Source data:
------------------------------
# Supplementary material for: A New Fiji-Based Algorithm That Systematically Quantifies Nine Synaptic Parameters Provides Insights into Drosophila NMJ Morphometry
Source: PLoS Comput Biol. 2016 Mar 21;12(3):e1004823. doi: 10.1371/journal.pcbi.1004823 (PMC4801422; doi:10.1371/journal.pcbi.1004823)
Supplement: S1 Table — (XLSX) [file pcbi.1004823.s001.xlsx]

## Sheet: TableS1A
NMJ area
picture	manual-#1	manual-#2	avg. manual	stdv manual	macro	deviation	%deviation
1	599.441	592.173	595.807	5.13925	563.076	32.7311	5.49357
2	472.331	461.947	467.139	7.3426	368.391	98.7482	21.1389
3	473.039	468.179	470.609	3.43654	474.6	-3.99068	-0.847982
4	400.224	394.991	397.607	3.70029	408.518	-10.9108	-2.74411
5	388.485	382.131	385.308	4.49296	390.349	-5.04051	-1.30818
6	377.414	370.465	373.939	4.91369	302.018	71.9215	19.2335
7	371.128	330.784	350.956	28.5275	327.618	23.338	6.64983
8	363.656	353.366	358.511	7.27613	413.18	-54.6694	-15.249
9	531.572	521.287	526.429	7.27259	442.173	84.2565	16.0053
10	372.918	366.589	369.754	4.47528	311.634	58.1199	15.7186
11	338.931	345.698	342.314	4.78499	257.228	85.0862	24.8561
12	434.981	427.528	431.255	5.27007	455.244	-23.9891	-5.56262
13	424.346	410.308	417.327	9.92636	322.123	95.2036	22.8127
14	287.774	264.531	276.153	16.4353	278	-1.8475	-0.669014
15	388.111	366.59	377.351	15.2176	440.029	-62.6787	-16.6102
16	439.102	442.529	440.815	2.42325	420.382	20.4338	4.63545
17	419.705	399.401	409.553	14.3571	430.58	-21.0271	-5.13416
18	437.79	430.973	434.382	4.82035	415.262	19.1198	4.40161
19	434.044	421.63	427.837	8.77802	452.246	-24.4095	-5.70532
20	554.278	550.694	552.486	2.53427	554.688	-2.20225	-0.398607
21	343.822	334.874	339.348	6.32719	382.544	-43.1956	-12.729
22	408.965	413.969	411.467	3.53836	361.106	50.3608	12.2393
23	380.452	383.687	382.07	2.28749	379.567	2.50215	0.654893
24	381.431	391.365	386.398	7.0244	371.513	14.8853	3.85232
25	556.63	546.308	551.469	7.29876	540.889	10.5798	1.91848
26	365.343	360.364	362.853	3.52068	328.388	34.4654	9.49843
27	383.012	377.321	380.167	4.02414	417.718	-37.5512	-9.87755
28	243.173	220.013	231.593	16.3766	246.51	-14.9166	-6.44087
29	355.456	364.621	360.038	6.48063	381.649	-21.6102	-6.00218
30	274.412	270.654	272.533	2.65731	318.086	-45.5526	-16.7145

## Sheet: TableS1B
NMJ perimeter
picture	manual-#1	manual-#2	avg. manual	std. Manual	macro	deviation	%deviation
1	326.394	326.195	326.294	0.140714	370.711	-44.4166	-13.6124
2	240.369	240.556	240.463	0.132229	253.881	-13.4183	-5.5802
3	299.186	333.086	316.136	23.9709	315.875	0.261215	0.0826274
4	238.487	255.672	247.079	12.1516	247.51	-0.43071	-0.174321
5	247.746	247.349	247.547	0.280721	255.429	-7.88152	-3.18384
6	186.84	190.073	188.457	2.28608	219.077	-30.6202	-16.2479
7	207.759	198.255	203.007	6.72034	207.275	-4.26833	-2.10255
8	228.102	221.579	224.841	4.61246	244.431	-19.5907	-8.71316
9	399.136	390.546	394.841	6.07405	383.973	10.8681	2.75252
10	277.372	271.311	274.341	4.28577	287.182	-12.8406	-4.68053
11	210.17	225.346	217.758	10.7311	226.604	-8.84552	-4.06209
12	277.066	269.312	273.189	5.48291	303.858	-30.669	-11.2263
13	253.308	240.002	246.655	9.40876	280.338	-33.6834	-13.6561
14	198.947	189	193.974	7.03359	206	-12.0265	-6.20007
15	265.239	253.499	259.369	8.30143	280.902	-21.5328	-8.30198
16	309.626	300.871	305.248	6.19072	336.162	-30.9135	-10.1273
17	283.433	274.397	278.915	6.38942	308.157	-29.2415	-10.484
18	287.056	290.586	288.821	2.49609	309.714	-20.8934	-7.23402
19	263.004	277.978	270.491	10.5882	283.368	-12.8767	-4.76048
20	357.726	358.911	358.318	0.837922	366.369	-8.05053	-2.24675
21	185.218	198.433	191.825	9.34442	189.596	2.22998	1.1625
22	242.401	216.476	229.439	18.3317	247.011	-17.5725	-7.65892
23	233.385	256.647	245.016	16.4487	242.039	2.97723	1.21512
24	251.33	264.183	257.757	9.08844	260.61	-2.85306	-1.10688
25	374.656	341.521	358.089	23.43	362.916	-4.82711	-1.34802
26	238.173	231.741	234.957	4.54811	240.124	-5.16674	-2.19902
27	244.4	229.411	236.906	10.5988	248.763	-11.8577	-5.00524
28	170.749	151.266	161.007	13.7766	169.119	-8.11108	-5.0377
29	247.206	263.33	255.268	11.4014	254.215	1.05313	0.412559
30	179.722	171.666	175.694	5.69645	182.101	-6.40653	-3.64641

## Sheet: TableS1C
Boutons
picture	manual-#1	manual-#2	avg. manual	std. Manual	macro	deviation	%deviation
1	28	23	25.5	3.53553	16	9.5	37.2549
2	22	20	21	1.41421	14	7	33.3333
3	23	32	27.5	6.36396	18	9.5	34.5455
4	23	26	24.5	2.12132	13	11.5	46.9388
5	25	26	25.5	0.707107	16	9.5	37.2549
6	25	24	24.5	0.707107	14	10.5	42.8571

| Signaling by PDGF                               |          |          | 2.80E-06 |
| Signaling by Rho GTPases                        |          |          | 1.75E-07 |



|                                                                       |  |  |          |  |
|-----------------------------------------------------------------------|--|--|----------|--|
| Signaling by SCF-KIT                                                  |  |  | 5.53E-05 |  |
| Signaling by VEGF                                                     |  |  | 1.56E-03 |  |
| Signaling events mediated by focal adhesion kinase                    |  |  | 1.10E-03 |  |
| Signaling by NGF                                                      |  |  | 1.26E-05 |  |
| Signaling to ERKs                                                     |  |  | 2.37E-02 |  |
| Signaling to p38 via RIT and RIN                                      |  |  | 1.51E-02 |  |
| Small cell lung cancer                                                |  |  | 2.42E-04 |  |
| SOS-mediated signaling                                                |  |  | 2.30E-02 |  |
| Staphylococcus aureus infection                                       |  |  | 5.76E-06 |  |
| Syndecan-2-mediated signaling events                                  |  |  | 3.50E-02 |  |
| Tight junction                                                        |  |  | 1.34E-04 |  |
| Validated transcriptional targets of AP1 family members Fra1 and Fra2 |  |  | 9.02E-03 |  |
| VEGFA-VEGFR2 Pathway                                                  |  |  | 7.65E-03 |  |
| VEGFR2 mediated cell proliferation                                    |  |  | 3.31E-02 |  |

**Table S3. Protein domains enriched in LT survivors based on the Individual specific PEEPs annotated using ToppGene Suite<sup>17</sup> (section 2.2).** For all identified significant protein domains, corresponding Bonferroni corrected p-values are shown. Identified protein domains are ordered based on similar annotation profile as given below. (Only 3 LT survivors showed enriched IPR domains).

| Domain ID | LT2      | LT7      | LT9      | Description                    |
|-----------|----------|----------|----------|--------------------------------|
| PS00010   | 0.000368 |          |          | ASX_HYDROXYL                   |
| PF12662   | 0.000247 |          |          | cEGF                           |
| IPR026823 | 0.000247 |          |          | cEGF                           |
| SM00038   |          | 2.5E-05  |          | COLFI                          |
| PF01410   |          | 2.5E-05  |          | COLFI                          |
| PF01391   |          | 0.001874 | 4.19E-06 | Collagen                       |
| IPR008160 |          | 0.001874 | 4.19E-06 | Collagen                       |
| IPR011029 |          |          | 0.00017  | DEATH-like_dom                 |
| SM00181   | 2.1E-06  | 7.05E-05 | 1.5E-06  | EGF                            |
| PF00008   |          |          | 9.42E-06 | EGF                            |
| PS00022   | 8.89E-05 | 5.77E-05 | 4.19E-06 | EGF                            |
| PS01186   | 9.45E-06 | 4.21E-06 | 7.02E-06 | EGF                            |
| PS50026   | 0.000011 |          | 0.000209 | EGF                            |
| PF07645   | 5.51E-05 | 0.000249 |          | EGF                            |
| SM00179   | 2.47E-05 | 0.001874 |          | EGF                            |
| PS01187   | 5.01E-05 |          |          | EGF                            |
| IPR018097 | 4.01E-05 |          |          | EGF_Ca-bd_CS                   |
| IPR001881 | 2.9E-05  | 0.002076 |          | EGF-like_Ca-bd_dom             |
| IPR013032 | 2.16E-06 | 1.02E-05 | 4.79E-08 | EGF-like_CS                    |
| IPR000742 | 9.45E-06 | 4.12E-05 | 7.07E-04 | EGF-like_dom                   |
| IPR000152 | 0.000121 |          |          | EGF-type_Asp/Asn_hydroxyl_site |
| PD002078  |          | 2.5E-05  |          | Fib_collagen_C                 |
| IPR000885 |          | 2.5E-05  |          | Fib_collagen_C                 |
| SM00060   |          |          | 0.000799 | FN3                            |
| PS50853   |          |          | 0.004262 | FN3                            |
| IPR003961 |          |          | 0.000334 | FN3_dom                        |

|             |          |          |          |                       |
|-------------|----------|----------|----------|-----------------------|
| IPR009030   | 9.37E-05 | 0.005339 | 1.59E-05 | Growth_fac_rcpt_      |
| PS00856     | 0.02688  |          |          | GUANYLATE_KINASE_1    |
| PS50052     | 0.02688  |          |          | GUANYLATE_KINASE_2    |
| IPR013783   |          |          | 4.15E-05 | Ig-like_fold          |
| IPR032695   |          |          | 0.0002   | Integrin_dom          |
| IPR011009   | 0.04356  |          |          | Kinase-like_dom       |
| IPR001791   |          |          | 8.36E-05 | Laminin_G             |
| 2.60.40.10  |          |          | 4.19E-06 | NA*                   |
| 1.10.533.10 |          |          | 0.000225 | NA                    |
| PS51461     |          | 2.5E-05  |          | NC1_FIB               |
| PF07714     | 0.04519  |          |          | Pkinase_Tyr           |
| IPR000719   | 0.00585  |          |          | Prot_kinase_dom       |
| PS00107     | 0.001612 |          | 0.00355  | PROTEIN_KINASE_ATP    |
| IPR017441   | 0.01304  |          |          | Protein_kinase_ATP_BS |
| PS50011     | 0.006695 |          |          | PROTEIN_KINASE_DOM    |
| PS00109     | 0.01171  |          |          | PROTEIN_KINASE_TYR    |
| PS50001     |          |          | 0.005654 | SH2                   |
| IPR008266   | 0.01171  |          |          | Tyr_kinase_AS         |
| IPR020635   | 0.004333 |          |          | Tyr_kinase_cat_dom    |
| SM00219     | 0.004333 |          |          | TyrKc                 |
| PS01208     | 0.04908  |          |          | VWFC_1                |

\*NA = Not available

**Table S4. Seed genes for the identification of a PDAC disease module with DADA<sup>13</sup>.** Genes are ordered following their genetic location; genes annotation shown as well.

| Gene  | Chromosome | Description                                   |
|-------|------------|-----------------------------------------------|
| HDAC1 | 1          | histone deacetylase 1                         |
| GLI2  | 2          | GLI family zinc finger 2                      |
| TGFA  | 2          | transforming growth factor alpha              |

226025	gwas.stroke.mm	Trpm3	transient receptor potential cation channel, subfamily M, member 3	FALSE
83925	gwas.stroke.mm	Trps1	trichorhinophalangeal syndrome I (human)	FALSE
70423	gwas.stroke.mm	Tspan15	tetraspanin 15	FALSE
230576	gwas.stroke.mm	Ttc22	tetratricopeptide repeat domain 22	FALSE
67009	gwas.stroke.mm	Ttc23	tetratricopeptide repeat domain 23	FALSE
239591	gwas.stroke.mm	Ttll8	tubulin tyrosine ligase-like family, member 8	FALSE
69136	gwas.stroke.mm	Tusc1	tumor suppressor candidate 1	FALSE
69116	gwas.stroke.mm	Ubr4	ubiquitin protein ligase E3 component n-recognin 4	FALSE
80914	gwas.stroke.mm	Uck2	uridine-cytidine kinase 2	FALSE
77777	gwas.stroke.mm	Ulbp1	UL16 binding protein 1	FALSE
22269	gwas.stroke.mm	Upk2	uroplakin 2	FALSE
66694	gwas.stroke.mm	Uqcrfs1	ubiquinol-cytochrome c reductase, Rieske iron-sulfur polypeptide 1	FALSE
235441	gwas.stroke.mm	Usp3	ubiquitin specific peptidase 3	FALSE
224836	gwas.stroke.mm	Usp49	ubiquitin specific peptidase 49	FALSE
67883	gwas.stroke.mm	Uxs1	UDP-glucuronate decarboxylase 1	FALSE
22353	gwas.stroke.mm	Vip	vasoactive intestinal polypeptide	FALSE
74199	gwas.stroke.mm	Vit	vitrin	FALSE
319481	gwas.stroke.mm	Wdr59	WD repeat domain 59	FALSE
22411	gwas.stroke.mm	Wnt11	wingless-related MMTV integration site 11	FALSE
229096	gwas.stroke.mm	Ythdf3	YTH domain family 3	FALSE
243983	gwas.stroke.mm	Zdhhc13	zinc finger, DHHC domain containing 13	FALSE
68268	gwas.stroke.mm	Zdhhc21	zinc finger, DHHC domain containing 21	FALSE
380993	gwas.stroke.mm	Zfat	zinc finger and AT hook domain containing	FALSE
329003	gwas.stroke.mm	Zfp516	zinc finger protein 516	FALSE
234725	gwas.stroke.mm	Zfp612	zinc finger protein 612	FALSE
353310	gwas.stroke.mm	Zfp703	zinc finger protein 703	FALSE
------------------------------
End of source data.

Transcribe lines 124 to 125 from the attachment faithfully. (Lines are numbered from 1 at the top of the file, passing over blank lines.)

| PS50853   |          |          | 0.004262 | FN3                            |
| IPR003961 |          |          | 0.000334 | FN3_dom                        |